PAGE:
A third Republican senator angrily indicated Monday he might oppose his party's health care bill in an upcoming showdown vote, a threat that could doom one of the GOP's top priorities to a humiliating, self-inflicted defeat.
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Sen. Ron Johnson, a Wisconsin Republican, said moderate GOP senators "basically confirmed" to him that Senate Majority Leader Mitch McConnell, R-Ky., assured them last week that Medicaid cuts planned by the legislation would "never happen" because they are too far in the future.
"It's from my standpoint a pretty serious breach of trust, those comments," Johnson, a conservative re-elected last year, told reporters.
He added, "Last week I was strongly urging colleagues to vote" to begin debating the measure, a critical vote expected as early as next week. "I'm not doing that right now," he said.
Johnson's opposition would be fatal to the Republican drive to repeal much of President Barack Obama's health care overhaul because two other GOP senators have already said they'll vote no: Maine's Susan Collins and Kentucky's Rand Paul. Facing uniform Democratic opposition, McConnell needs 50 of the 52 Republican senators to back the measure so Vice President Mike Pence could cast the tie-breaking vote.
The comments by Johnson came after an expected showdown this week was postponed because Sen. John McCain, R-Ariz., was recovering from a Friday procedure to remove a blood clot above his left eye. His office said he'd recuperate in Arizona for a week, and several senators said Monday they expected McCain, 80, to return quickly.
"We hope John McCain gets better very soon," President Donald Trump said. "Because we miss him. He's a crusty voice in Washington. Plus we need his vote."
Gearing up for that vote, around a half-dozen GOP senators were meeting with Trump and Pence at the White House late Monday in what the White House billed as a strategy session. All senators attending were supporting the bill, and the group included No. 2 Senate GOP leader John Cornyn of Texas and No. 3 leader John Thune of South Dakota.
Conservative support for the legislation has hinged in part on the measure's planned $772 billion in 10-year cuts to Medicaid, the federal-state health insurance program for the poor, disabled and nursing home patients. But only $35 billion of those cuts occur over the next two years; more than half don't take effect until 2024, 2025 and 2026, according to the nonpartisan Congressional Budget Office.
In a written statement, McConnell defended the bill's Medicaid savings but did not deny he'd made the remarks to moderates, which were described last Thursday by The Washington Post. McConnell said capping Medicaid spending "with a responsible growth rate that is sustainable for taxpayers is the most important long-term reform in the bill. That is why it has been in each draft we have released."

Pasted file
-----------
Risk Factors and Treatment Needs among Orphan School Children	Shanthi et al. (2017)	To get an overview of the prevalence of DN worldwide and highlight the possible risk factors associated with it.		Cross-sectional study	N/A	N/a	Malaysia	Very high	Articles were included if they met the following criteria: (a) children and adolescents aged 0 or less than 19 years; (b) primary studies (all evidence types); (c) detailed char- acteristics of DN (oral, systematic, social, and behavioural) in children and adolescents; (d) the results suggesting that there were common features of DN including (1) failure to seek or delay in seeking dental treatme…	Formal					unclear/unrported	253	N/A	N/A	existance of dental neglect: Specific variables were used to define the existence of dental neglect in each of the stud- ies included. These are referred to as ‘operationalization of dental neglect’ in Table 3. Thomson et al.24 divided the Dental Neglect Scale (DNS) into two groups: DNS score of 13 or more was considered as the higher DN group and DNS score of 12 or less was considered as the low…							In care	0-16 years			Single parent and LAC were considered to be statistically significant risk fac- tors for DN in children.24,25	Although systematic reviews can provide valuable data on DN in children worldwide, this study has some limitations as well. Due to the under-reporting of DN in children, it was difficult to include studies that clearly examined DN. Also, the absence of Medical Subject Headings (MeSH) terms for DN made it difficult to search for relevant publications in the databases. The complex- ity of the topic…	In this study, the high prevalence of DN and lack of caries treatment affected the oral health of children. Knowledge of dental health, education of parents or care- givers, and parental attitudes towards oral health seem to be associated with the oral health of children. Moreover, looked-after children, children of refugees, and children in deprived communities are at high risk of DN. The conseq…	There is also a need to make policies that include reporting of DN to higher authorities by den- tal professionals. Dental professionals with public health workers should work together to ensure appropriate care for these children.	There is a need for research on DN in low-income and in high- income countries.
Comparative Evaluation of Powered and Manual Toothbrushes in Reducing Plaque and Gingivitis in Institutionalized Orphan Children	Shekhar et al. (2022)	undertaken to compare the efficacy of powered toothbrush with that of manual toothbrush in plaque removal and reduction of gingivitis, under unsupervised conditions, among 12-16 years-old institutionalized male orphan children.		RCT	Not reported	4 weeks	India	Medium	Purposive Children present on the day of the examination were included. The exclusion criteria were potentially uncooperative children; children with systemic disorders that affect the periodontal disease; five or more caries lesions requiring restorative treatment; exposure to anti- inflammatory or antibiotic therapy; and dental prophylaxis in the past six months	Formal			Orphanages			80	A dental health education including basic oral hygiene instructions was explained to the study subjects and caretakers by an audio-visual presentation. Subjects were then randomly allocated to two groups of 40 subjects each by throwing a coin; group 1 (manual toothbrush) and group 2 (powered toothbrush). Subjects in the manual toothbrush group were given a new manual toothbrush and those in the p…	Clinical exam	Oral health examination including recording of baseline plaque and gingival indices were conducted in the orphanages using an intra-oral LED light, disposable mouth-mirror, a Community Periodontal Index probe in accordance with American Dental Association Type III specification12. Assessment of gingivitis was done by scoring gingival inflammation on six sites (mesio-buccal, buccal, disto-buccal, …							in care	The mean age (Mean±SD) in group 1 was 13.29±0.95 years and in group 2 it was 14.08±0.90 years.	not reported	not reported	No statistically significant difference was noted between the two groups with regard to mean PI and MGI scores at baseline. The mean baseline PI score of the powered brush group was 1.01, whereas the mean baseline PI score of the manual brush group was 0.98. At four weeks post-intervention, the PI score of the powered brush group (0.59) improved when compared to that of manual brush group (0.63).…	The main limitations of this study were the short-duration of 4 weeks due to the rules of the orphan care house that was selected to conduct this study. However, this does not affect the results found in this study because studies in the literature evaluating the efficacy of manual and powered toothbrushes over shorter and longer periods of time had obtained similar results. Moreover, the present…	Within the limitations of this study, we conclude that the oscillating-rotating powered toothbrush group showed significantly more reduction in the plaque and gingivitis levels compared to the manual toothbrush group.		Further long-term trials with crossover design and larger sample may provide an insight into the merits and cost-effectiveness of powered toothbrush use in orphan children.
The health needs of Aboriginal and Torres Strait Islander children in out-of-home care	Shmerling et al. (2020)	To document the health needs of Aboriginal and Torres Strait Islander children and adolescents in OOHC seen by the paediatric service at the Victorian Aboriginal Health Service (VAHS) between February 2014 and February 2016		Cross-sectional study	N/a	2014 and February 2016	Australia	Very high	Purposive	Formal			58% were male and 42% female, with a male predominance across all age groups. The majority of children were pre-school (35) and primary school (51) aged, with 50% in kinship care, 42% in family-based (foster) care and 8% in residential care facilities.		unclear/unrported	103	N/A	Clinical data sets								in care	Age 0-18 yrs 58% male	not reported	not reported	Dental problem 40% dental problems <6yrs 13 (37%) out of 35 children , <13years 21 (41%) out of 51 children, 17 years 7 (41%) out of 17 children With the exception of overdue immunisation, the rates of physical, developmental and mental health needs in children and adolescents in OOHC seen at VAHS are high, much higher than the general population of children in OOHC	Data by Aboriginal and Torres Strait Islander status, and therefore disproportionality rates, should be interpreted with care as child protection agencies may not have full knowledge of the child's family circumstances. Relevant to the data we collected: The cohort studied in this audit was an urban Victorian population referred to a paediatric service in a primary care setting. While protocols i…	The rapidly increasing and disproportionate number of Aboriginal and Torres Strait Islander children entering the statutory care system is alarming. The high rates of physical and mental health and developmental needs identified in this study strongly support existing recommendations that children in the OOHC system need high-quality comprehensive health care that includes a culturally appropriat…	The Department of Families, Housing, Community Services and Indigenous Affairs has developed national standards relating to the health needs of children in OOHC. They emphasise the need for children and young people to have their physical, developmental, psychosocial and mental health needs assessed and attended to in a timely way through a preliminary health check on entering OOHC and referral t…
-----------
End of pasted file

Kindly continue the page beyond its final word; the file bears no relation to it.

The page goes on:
Much of the savings would come from limiting each state's federal Medicaid payments to a fixed amount per beneficiary, which would then grow annually to reflect a measure of inflation. Since its inception in 1965, the program has automatically paid states for a share of their eligible Medicaid expenses, whatever the total amount.
With the vote postponed, foes from left and right were trying to make the measure as politically toxic as possible for wavering GOP senators to support it. But the postponement also gave McConnell and the White House more time to cut the deals they need to rescue the imperiled measure.
"The only way we'll get there is with continued hard work, and that's just what we intend to do," McConnell said, signaling that days of bargaining and persuasion with reluctant colleagues lay ahead.
AARP was continuing TV and radio ads aimed at undecided Republican senators in five states, warning, "Your family's coverage could be taken away altogether." Planned Parenthood, labor and liberal groups were holding rallies outside the Capitol. And the conservative Americans for Prosperity was urging members to pressure GOP senators to strengthen a bill that the group's president, Tim Phillips, says doesn't go "anywhere near far enough" to repeal Obama's health care law.
From the other side, Republican Party Chairwoman Ronna Romney McDaniel said the GOP needs to prove that "we can tackle tough issues." The conservative Faith and Freedom Coalition announced its support for a bill that its chairman, Ralph Reed, called "a giant step forward."
On balance, the delay seemed to put McConnell in the tougher spot. In Washington, conventional wisdom dictates that a controversial bill awaiting a vote and under attack from opponents resembles a rotten egg sitting in the sun — the longer it sits, the worse things get.
Underscoring that, the AARP ads targeted five moderate, uncommitted Republicans from states that would be hit hard by the GOP bill's cuts in Medicaid.
They were Lisa Murkowski of Alaska, Colorado's Cory Gardner, Rob Portman of Ohio, Shelley Moore Capito of West Virginia and Dean Heller of Nevada, perhaps the most vulnerable GOP senator in next year's elections.